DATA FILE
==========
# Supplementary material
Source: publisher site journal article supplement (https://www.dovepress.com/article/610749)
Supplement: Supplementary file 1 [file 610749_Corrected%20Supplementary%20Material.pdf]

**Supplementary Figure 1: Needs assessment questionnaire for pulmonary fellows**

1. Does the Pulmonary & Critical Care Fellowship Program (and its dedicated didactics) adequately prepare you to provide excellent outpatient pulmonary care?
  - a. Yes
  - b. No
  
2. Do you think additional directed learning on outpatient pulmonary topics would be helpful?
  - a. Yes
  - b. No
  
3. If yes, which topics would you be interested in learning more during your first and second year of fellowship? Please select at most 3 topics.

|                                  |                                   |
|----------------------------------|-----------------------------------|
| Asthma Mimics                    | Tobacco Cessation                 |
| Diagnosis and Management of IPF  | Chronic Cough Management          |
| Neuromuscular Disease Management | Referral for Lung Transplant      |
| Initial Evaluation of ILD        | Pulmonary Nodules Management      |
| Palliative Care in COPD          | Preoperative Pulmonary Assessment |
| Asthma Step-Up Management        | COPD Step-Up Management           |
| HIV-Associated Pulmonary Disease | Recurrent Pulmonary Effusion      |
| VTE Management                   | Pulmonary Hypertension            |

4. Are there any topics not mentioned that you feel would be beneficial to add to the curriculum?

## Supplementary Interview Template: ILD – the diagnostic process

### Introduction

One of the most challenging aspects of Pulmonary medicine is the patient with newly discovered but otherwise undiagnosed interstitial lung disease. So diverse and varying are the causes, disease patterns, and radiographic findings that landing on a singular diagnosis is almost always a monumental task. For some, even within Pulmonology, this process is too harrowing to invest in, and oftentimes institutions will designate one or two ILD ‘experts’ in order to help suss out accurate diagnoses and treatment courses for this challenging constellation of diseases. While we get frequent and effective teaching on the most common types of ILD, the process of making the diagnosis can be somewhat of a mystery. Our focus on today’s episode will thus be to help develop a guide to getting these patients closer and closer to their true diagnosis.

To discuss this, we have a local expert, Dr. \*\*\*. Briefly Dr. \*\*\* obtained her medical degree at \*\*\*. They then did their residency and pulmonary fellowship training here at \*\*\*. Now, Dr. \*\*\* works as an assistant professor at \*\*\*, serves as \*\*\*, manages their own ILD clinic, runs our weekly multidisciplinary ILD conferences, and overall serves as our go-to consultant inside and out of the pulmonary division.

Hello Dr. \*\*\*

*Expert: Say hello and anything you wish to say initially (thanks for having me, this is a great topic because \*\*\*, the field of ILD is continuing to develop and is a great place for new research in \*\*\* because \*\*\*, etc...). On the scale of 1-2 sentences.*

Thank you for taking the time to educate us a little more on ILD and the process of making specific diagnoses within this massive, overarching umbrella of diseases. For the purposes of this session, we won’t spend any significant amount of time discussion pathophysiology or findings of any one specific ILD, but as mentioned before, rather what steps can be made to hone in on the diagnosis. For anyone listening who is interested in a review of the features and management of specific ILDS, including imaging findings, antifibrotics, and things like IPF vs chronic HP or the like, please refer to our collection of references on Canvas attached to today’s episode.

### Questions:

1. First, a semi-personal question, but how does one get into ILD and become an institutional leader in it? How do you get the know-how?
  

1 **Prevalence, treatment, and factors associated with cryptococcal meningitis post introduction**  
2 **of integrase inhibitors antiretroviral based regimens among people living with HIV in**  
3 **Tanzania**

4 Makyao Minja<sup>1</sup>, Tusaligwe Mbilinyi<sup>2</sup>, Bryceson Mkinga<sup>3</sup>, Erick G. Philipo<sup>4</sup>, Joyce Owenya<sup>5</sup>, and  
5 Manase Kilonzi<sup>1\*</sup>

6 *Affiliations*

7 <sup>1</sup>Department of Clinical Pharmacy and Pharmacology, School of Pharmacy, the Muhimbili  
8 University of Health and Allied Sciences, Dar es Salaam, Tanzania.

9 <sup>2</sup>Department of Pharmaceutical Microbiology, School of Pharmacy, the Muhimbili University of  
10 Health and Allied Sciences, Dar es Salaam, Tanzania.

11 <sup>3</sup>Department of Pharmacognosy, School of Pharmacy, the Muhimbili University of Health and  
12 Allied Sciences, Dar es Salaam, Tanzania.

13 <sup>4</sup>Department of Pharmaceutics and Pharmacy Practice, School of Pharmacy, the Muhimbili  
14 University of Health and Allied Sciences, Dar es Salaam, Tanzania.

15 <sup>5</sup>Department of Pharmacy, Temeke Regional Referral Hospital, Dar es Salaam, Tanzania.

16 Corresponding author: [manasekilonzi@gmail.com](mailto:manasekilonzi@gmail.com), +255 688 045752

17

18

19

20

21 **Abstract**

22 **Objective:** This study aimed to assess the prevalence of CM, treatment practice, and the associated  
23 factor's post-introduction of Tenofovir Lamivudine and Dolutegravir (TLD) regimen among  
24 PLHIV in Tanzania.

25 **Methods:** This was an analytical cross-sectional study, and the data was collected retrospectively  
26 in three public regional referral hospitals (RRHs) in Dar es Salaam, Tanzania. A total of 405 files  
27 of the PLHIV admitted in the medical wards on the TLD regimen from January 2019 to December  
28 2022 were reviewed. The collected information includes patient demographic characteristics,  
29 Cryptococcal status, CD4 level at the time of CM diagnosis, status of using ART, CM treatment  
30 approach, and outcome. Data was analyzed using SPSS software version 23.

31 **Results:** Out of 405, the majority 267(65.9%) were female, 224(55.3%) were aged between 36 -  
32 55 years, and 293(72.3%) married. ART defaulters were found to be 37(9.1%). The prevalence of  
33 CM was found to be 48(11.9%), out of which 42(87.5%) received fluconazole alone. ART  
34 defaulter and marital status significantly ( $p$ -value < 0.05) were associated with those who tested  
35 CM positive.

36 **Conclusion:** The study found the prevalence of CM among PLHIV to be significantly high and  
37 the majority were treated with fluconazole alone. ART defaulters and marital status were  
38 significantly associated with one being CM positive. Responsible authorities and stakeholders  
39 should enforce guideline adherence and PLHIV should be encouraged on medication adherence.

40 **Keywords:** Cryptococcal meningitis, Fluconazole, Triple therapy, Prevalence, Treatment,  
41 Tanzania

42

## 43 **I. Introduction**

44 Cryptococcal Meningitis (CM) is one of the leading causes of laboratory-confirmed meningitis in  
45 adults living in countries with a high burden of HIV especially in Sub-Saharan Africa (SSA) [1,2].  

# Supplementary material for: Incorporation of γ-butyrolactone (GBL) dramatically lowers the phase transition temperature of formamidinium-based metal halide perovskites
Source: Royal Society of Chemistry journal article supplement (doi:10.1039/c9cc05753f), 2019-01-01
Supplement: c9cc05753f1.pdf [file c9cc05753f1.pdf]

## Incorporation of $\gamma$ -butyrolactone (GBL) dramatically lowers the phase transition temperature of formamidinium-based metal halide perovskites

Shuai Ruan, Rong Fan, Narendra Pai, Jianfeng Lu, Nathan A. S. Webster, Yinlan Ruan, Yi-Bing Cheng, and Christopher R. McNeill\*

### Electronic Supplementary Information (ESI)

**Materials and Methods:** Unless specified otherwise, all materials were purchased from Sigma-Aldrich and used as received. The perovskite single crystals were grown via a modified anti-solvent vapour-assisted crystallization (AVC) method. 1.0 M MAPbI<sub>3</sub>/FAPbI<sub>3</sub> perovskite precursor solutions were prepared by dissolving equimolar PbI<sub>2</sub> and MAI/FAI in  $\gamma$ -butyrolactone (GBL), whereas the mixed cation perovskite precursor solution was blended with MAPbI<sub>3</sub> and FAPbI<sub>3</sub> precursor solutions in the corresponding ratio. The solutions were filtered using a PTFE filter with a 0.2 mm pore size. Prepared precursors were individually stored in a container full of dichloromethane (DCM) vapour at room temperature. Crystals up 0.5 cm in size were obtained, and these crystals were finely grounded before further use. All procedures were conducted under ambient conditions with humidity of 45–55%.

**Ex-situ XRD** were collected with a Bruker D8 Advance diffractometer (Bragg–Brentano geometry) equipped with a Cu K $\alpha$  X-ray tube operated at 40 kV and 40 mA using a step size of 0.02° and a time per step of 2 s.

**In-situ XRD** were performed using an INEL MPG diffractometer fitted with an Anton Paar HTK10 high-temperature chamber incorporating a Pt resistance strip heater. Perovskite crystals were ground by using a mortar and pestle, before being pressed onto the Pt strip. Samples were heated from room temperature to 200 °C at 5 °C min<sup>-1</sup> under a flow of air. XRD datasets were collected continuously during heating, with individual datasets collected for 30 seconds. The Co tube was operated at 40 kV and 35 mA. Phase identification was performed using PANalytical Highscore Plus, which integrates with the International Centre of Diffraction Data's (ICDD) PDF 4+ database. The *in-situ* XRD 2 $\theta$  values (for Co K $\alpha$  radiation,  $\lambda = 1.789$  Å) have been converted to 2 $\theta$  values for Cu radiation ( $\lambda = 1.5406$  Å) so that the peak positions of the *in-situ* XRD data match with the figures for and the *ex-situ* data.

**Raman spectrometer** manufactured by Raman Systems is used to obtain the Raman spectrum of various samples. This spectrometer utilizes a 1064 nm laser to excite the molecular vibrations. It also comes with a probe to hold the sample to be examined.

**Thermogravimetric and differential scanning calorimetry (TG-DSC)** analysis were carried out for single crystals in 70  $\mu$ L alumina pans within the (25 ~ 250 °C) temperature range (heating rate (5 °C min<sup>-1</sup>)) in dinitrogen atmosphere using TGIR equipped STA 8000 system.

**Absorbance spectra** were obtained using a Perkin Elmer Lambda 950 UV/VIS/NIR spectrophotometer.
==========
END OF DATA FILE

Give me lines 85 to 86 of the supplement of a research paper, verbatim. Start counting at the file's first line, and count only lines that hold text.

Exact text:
**In-situ XRD** were performed using an INEL MPG diffractometer fitted with an Anton Paar HTK10 high-temperature chamber incorporating a Pt resistance strip heater. Perovskite crystals were ground by using a mortar and pestle, before being pressed onto the Pt strip. Samples were heated from room temperature to 200 °C at 5 °C min<sup>-1</sup> under a flow of air. XRD datasets were collected continuously during heating, with individual datasets collected for 30 seconds. The Co tube was operated at 40 kV and 35 mA. Phase identification was performed using PANalytical Highscore Plus, which integrates with the International Centre of Diffraction Data's (ICDD) PDF 4+ database. The *in-situ* XRD 2 $\theta$  values (for Co K $\alpha$  radiation,  $\lambda = 1.789$  Å) have been converted to 2 $\theta$  values for Cu radiation ( $\lambda = 1.5406$  Å) so that the peak positions of the *in-situ* XRD data match with the figures for and the *ex-situ* data.

**Raman spectrometer** manufactured by Raman Systems is used to obtain the Raman spectrum of various samples. This spectrometer utilizes a 1064 nm laser to excite the molecular vibrations. It also comes with a probe to hold the sample to be examined.